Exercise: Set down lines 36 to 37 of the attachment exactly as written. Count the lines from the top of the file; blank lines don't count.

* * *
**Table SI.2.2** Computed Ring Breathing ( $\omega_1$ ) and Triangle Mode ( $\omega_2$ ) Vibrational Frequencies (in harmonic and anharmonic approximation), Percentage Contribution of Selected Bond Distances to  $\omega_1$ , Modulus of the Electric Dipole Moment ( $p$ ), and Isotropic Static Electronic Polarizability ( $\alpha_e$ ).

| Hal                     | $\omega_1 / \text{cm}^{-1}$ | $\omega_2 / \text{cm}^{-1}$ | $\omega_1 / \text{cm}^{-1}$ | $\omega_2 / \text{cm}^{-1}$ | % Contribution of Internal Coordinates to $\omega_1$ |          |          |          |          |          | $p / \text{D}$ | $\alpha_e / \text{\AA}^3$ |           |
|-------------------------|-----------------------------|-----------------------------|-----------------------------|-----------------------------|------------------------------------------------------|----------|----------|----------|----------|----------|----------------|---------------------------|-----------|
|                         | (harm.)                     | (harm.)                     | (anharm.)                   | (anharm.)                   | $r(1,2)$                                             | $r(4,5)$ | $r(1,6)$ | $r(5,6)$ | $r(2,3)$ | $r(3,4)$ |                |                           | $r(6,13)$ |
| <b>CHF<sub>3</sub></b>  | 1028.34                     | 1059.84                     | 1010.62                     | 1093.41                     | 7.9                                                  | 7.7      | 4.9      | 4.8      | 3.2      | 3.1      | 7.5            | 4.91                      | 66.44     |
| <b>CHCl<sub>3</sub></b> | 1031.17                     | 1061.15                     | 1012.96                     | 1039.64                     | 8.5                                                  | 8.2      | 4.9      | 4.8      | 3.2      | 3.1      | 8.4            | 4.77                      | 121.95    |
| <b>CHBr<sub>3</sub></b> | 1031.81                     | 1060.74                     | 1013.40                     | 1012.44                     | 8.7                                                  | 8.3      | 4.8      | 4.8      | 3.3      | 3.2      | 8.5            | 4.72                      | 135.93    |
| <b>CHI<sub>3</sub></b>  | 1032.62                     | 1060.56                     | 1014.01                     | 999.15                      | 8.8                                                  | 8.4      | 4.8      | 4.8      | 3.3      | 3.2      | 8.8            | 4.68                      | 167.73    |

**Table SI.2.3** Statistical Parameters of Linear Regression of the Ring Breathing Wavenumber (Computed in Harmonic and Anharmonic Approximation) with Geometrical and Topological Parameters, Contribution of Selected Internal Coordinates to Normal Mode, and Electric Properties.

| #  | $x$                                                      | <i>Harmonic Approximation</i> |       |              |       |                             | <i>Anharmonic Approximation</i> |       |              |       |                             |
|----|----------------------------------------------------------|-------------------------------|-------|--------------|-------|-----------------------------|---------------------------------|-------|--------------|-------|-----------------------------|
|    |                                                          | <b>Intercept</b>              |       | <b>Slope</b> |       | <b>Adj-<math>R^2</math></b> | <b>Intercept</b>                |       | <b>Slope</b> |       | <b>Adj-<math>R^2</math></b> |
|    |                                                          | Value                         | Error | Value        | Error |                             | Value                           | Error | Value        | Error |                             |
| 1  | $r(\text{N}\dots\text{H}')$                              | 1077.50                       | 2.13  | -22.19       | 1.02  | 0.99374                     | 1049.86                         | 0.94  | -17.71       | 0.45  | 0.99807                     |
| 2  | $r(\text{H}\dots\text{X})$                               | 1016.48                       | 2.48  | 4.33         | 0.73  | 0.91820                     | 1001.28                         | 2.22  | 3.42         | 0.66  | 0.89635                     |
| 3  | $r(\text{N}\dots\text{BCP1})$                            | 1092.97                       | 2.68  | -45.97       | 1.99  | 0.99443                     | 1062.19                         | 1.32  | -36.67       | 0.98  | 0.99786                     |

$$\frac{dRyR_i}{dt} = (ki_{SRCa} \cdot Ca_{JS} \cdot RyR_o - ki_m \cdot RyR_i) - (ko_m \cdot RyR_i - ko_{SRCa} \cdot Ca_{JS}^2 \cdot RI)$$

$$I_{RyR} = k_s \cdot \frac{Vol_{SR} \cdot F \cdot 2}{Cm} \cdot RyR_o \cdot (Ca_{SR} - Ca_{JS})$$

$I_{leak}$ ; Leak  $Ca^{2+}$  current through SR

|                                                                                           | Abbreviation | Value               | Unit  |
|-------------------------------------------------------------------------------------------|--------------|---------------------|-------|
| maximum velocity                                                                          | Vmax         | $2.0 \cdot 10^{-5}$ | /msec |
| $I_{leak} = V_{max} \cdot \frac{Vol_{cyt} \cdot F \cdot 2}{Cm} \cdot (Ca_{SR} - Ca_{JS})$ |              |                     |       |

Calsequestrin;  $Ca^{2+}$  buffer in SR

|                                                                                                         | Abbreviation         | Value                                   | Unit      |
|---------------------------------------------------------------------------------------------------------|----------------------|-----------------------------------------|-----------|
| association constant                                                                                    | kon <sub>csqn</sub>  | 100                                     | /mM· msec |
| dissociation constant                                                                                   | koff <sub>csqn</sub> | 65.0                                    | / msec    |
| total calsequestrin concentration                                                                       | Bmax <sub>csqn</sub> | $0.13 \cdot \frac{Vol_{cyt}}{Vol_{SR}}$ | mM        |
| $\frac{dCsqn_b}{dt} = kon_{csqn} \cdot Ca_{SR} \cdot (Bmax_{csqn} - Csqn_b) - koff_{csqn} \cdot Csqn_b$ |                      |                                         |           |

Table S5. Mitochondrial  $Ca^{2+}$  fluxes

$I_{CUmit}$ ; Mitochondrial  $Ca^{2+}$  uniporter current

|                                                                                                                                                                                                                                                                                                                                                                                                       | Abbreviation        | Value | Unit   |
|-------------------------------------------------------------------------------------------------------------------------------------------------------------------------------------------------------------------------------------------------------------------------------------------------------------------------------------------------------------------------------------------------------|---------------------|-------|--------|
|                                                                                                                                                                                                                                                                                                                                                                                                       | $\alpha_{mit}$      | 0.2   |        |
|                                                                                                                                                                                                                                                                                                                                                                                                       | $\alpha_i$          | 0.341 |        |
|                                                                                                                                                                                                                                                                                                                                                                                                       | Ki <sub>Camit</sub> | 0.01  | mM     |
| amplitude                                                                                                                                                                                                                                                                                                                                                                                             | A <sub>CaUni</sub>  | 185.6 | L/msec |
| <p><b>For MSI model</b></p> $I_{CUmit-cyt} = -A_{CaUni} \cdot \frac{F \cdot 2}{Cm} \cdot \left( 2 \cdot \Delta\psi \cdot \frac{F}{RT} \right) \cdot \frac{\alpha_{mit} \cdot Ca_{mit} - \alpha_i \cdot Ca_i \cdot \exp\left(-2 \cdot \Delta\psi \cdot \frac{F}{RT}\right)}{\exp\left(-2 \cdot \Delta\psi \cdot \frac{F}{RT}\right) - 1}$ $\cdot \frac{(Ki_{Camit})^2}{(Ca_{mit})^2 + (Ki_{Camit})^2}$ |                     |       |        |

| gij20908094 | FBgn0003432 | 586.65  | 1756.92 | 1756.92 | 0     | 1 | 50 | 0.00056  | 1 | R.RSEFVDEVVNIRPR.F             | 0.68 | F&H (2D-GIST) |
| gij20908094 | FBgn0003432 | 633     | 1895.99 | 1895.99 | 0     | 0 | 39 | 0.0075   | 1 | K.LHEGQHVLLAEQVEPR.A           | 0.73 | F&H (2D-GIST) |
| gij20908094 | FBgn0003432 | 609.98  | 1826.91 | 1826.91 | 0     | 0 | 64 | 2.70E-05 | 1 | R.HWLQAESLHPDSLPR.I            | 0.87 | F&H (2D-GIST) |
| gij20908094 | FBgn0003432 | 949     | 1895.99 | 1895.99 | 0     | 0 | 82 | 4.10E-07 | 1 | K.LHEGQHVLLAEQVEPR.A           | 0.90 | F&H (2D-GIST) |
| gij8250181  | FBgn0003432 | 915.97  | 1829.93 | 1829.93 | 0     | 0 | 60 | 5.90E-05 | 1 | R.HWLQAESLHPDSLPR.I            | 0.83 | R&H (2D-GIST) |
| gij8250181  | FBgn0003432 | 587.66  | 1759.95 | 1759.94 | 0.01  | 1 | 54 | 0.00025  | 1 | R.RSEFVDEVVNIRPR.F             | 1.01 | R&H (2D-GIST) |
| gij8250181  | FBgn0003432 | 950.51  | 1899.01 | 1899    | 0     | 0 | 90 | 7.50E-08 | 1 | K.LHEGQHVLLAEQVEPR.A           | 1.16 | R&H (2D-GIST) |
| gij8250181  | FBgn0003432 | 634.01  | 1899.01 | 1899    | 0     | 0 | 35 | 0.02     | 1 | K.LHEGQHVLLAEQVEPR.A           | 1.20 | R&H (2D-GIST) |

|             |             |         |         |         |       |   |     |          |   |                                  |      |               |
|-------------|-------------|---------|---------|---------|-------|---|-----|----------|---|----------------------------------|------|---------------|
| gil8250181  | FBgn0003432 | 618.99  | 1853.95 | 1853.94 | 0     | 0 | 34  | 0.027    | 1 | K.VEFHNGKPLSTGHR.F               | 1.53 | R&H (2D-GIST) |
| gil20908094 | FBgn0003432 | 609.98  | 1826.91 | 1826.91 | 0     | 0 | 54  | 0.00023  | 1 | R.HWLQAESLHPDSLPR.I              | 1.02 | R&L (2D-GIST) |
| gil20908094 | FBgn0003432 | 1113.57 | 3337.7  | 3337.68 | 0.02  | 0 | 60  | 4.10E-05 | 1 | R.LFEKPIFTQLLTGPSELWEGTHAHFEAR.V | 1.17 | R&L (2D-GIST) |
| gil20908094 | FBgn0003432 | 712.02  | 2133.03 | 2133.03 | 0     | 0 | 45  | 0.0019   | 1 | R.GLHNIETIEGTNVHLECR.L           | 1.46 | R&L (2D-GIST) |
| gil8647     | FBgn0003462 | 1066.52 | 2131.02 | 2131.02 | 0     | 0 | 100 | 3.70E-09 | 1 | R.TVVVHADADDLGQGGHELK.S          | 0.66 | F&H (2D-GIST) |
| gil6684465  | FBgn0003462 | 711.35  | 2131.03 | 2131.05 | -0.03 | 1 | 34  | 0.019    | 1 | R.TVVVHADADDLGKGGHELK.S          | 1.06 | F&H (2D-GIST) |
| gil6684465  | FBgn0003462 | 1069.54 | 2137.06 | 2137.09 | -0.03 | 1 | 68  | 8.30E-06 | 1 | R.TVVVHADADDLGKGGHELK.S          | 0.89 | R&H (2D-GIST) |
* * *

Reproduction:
|                                                                                                                                                                                                                                                                                                                                                                                                       | $\alpha_i$          | 0.341 |        |
|                                                                                                                                                                                                                                                                                                                                                                                                       | Ki <sub>Camit</sub> | 0.01  | mM     |